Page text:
Praying for Faithful Departed

All Soul’s Day is close, the mutterings are about praying for the dead.

When we come to church for the Mass or Rosary we pray for the departed as a normal part of worship. However, that was not always the case. The reason goes back to the Reformation when the Church of England rejected praying for the dead, but the reasons were sound and reasonable, as the practice had become corrupt. The Church of the 14th & 16th Century starting to charge for the prayers to raise money. Pope Julius II (1503 to 1513), raised huge amounts of money to build St Peter’s in Rome by selling indulgences. For your donation, you obtained a certificate that pardoned the sins of your departed family. It raised money, but it was selling God’s free grace, which is outrageous. Luther protested this practice, hence the term, protestant was launched. The ban on praying for the dead and funerals became grim affairs that gave no comfort to those who mourned. Our first Prayer Books had a reasonable funeral service, but it was not widely used, and after the time of Oliver Cromwell, hardly at all. This was a case of throwing baby out with the bath water. Along with this was a teaching that salvation and damnation had already been decided by God – so need for prayer!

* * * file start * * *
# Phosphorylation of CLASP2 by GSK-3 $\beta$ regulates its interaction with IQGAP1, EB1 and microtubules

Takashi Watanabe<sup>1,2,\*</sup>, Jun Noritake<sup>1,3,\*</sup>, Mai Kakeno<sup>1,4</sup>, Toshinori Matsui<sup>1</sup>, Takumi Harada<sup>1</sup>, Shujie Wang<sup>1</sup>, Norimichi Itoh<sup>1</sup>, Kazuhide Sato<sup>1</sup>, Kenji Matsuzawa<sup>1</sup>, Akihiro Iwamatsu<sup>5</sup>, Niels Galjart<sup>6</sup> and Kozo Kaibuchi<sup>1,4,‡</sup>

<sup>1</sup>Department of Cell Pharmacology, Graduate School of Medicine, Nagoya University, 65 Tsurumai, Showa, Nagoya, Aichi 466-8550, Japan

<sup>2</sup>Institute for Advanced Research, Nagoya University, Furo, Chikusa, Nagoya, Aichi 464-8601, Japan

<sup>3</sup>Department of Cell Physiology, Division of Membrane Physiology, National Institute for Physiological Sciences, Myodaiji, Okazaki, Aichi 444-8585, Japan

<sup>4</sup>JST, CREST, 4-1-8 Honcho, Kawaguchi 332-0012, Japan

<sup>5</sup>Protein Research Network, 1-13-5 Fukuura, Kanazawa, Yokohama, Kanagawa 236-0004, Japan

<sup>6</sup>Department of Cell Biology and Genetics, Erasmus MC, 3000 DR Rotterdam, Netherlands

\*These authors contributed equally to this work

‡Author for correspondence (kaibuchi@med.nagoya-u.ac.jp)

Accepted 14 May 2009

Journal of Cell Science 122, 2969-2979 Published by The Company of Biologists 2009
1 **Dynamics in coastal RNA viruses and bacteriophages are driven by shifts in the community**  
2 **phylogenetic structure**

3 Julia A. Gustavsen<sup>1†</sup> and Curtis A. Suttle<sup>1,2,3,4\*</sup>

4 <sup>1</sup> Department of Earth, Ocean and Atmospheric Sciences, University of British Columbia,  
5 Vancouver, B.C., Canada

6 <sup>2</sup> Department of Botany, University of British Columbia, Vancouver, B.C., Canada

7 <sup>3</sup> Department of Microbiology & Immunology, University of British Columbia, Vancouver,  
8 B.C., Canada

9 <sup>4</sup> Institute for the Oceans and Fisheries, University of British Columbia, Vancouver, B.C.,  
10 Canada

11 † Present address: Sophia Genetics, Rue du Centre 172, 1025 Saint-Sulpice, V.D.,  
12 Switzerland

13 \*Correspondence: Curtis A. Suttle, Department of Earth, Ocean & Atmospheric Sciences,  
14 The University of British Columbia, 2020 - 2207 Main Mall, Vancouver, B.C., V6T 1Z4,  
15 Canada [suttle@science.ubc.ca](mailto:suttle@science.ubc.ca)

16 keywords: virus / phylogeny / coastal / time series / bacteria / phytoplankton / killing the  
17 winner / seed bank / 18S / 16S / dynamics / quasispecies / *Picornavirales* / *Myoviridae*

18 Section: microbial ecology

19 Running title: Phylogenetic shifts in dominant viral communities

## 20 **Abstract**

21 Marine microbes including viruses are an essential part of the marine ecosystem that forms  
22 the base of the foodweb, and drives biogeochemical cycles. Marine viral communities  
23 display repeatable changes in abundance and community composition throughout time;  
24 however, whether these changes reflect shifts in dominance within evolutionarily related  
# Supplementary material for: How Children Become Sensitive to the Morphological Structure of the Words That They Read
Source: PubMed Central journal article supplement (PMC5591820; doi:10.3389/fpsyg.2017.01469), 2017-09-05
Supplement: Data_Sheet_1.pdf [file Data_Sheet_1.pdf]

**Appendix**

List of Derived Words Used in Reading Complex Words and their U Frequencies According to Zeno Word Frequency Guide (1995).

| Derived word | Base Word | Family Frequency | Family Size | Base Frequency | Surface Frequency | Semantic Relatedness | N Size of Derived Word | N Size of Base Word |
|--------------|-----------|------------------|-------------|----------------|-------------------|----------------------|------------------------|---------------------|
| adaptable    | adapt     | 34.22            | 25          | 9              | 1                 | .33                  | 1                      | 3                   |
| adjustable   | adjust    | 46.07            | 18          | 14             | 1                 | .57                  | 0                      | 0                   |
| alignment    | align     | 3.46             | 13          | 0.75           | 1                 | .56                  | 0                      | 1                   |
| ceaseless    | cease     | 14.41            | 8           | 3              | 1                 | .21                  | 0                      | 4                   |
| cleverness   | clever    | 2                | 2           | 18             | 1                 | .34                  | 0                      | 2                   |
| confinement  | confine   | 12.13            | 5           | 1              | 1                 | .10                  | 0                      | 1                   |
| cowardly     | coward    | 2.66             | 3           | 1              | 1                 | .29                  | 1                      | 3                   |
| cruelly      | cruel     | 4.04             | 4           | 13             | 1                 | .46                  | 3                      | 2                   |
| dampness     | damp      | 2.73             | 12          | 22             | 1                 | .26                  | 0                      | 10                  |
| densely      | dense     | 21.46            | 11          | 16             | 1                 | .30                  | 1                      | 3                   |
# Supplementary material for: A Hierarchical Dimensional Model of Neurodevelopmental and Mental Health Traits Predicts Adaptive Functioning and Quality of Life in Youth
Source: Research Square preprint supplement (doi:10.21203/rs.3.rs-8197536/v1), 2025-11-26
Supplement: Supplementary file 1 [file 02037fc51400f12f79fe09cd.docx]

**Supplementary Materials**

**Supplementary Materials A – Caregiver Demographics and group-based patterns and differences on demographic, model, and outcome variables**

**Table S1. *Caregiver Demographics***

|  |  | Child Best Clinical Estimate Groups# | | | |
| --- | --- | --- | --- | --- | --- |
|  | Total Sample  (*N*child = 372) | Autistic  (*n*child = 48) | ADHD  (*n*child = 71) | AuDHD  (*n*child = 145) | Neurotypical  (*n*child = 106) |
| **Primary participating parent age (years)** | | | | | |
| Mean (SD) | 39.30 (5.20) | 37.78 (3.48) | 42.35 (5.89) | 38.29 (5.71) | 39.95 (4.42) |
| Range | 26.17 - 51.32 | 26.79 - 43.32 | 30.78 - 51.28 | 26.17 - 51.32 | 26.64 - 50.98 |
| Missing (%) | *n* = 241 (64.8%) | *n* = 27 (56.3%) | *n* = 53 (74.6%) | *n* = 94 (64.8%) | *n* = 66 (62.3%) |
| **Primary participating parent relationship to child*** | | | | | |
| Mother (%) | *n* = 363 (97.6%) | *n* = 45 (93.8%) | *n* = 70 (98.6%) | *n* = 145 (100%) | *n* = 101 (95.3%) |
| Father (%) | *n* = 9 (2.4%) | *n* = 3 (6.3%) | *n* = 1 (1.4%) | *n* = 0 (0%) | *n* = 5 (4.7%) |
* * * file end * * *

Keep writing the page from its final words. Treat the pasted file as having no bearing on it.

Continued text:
As usual, banning something causes problems and it caused personal problems for those who had no avenue to express grief and love by prayer. So, other avenues are also sought and by the end of the 17th Century it was common to consult occult means of contacting the dead and the rise of spiritualism in the 19th Century.

The Crimean War (1853-56), with 21,000 casualties started to change things as the Church had no means to deal with a nationwide grief. This was when crucifixes came back into the churches; the image of the God who died our death. In 1873 the Guild of All Souls was founded. Their goals were, to change barbaric funerals! They promoted proper and dignified funerals, to educate and promote the Church’s teaching regarding the departed, and intercessory prayer for them and the dying. The Guild was successful, as their goals have now become a normal part of Anglican parish life.

The understanding of these tasks was based on the life and teaching of Christ. We see this is in our Lord’s compassion to the Widow of Nain and his teaching at the raising of Lazarus. Our understanding of Christ is that all life is in his hands, yet it is through our prayerful cooperation with his will, and our desire for healing, wholeness and forgiveness for others, especially the departed, that accomplishes it.